2.3. Other references in the international context

These actions echo, reflect and are in part originated by initiatives under development in other community countries. Such initiatives in some cases adopt the form of an institution associated to and/or dependent upon the Administration of the country in question (e.g., ZET in Austria, or ZEBET in Germany), or operate as more or less structured non-governmental, scientific-social groupings.

 France. In reference to the latter category, the French Societé de Pharmaco-Toxicologie Cellulaire (SPTC) is undoubtedly the most consolidated scientific grouping. It is structured as a conventional scientific society and possesses some 500 active members. The Society was implanted in 1987, and since then has held periodic scientific meetings. It has established agreements with one of the specialized journals in the field (Cell Biology and Toxicology), which has become the official organ of the Society. The latter represents an obliged reference in France in the field of alternative methodologies, with fluid connections to both the Administration and Industry.

 Italy. Scientific activity in the area of alternative methods is fundamentally grouped around the Italian Society of Cellular Toxicology (CELLTOX). Although this Society has special collaboration ties with the Societies of Toxicology and Pharmacology, its possesses the structure and directing body characteristic of other scientific societies. CELLTOX groups the most active entities in Italy. In this sense, mention should be made of the existence of a group specialized in in vitro toxicology in the frame of the Italian Society of Toxicology.

 German speaking countries. The German speaking countries in Europe (Germany, Austria and Switzerland) have a number of organizations - scientific (Mitteleuropäische Gessellschaft für Alternativmethoden zu Tierversuchen, MEGAT; Akademie für Tierschutz), social (Deutscher Tierschutzband; Bundesverband Tierschutz Arbeitgemeinschaft; the Swiss Institute for Alternatives to Animal Testing, SIAT) and industrial (Verband der Chemischen Industrie) - as well as a series of state organisms (ZEBET, AET) in charge of coordinating the development, application and legal recognition of alternative methods. 

United Kingdom. On one hand, the United Kingdom features a scientific society with nearly one hundred members (the In vitro Toxicology Society, IVTS), together with non-profit organizations such as the Fund for the Replacement of Animals in Medical Experiments (FRAME) - which supports the development of research in associated university laboratories and the organization of scientific meetings. This Fund was the first to implement a data base on alternative methods, which has since been transferred to the ECVAM. The United Kingdom possesses no specific state entity analogous to the German ZEBET, though the Home Office has held periodic meetings with scientists, and has even sponsored multicentric validation projects.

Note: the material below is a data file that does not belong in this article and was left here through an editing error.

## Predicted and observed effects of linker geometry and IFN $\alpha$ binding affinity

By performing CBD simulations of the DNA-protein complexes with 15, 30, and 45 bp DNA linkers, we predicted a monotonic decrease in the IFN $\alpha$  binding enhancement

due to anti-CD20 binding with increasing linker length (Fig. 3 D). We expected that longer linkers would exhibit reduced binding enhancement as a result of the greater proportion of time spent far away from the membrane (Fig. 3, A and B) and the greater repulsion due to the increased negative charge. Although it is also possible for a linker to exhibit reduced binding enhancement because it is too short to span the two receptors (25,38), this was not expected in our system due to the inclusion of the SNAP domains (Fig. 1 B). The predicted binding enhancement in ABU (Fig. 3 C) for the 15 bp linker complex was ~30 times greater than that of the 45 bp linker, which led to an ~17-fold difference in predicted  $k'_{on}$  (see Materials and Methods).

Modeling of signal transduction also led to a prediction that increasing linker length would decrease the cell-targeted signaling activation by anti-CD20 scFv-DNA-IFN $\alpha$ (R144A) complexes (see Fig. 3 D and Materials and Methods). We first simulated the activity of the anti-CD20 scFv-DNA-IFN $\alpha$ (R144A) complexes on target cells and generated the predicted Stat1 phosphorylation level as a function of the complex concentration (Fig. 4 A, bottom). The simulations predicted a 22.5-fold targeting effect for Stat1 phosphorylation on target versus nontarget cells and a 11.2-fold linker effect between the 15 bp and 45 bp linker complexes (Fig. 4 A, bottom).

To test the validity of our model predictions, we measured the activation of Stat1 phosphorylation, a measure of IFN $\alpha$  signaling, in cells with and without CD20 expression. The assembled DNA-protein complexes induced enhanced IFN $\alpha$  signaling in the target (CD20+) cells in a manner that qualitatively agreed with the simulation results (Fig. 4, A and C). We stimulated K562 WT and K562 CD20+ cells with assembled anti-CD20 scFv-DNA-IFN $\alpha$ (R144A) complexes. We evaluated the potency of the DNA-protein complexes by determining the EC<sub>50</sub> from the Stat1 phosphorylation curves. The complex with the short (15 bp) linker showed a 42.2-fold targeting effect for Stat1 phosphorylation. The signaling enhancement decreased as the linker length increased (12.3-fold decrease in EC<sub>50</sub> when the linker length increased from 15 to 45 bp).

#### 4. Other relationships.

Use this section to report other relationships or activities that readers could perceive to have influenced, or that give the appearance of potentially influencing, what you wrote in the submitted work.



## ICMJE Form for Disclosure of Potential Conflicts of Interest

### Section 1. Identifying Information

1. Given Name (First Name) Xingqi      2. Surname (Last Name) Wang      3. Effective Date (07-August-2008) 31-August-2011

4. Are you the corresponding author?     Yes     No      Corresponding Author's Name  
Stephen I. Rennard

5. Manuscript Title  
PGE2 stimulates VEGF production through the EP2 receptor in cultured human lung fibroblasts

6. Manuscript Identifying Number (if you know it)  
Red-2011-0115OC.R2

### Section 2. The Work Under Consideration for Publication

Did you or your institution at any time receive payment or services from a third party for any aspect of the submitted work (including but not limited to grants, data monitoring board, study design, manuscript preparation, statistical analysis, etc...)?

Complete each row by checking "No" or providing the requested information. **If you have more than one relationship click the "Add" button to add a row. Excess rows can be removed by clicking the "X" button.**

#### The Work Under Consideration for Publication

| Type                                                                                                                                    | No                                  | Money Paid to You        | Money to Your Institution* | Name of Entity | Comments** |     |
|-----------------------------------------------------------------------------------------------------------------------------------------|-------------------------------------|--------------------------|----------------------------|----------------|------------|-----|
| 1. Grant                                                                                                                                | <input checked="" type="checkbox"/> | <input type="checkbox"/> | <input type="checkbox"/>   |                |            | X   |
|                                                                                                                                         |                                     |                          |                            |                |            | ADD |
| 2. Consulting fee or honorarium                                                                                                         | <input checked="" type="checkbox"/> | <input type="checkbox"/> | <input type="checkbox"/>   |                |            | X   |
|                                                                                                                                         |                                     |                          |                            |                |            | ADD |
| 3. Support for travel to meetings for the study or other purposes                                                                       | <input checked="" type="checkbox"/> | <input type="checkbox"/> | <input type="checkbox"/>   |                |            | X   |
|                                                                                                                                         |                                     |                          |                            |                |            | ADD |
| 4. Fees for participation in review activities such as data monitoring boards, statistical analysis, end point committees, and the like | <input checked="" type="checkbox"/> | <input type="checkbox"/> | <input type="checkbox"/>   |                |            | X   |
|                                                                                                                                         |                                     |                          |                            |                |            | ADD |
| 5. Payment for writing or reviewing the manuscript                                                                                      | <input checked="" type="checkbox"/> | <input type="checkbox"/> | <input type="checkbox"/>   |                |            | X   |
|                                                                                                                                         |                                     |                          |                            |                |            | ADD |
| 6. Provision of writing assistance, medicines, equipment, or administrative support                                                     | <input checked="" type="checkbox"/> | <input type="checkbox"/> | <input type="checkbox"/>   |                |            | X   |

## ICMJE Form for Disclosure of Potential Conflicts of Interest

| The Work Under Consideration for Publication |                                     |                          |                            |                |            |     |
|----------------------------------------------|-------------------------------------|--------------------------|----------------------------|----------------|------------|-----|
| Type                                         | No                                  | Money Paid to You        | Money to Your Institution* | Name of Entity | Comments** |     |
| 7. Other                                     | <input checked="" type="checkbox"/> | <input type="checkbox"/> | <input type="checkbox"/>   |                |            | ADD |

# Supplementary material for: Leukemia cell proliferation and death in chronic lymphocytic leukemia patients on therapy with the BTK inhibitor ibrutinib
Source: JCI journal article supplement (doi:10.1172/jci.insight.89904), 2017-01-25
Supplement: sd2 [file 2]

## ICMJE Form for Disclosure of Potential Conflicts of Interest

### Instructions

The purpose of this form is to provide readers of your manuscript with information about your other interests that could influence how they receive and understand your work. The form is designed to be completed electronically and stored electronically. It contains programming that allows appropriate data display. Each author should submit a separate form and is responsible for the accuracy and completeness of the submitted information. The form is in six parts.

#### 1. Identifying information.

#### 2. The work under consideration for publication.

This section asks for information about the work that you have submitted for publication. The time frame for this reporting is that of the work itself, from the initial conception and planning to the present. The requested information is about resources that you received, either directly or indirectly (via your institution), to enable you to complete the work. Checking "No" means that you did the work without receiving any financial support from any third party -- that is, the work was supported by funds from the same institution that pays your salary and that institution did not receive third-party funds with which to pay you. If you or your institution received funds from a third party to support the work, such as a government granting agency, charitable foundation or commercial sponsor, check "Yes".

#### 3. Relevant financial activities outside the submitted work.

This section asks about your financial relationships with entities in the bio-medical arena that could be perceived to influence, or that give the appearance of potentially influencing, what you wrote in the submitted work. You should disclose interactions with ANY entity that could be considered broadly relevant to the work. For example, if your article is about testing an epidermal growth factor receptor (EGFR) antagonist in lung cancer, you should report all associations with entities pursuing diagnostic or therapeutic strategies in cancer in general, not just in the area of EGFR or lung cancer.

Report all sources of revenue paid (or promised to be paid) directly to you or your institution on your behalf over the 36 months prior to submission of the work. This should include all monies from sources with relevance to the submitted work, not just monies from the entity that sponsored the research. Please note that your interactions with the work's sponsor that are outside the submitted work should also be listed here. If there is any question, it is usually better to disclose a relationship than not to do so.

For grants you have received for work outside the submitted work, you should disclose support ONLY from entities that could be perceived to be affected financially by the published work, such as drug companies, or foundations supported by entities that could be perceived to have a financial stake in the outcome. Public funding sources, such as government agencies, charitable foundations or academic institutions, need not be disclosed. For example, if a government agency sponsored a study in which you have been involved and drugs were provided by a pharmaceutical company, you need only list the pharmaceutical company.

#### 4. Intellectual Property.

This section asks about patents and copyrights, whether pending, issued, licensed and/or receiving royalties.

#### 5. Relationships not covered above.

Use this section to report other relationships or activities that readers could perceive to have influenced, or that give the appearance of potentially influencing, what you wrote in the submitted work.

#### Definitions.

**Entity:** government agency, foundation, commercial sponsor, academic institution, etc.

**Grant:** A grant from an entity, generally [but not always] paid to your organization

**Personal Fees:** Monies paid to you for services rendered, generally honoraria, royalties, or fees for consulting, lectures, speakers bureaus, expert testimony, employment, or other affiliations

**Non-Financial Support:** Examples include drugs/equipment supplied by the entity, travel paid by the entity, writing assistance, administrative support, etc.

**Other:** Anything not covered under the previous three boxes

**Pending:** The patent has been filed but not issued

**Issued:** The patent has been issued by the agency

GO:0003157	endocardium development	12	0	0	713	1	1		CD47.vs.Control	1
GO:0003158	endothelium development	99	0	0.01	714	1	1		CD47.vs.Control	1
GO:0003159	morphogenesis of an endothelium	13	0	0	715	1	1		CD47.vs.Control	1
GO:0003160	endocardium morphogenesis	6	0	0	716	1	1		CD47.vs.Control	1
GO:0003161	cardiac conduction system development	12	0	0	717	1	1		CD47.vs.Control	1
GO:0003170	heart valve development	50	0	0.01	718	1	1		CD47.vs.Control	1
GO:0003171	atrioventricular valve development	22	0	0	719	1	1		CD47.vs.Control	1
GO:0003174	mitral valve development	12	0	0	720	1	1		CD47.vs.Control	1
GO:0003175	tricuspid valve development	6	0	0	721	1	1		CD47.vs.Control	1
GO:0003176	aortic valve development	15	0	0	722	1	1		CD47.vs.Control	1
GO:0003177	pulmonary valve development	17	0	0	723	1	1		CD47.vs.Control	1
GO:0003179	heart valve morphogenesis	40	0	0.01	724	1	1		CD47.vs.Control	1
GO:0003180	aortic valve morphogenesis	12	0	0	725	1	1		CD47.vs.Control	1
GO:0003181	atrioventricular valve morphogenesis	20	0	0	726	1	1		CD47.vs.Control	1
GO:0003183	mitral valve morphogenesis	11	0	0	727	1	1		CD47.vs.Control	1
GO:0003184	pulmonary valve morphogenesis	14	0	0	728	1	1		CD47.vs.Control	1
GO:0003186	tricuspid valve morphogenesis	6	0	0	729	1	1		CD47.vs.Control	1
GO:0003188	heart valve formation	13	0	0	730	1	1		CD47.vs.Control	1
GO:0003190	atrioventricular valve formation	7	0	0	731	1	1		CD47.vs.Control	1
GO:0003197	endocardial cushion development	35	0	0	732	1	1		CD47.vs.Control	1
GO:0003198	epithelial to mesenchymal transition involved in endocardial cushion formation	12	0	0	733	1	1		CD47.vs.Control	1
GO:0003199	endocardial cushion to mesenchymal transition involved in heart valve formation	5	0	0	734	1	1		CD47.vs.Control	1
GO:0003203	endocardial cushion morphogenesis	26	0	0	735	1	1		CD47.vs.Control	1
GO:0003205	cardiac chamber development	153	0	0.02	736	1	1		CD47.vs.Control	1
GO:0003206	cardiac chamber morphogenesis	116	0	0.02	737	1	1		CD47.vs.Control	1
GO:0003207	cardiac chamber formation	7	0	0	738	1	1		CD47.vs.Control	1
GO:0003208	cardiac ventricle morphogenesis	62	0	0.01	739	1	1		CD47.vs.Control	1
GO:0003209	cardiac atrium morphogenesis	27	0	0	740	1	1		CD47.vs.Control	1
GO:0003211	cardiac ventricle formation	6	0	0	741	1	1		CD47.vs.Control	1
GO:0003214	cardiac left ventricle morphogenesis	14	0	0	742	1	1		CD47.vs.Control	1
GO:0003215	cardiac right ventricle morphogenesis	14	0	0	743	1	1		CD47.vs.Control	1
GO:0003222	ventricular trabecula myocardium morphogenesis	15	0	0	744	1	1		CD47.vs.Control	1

The Netherlands. Very active despite the small size of the country, the Netherlands in vitro Toxicology Group features a little over fifty Dutch scientists, and facilitates scientific exchanges and meetings. It possesses a societal structure and has a smaller counterpart (the Netherlands Alternatives to Animal Experiments Platform) with a more important social component, concerned with the creation of public opinion favorable to the adoption of alternative methods. A recent creation (1994) is in turn represented by the Netherlands Center for Alternatives to Animal Use (NCA). Structured as an independent entity rather than as a scientific society, this organism promotes the use and acceptance of alternative methods in the Netherlands.

 Scandinavia. The Scandinavian countries likewise possess entities of a fundamentally scientific nature, such as the Scandinavian Society for Cell toxicology (SSCT), and industrial concerns such as the AMFEP - as well as social movements actively implicated in promoting public awareness of the need for progressively adopting alternative methodologies.

 Belgium. A recent creation is the Belgian Platform for Alternative Methods, which aims to group representatives from the University setting, Industry, and protectionist groups. Membership is to be via invitation, and the Platform is to adopt the structure of an organized group rather than of a society as such.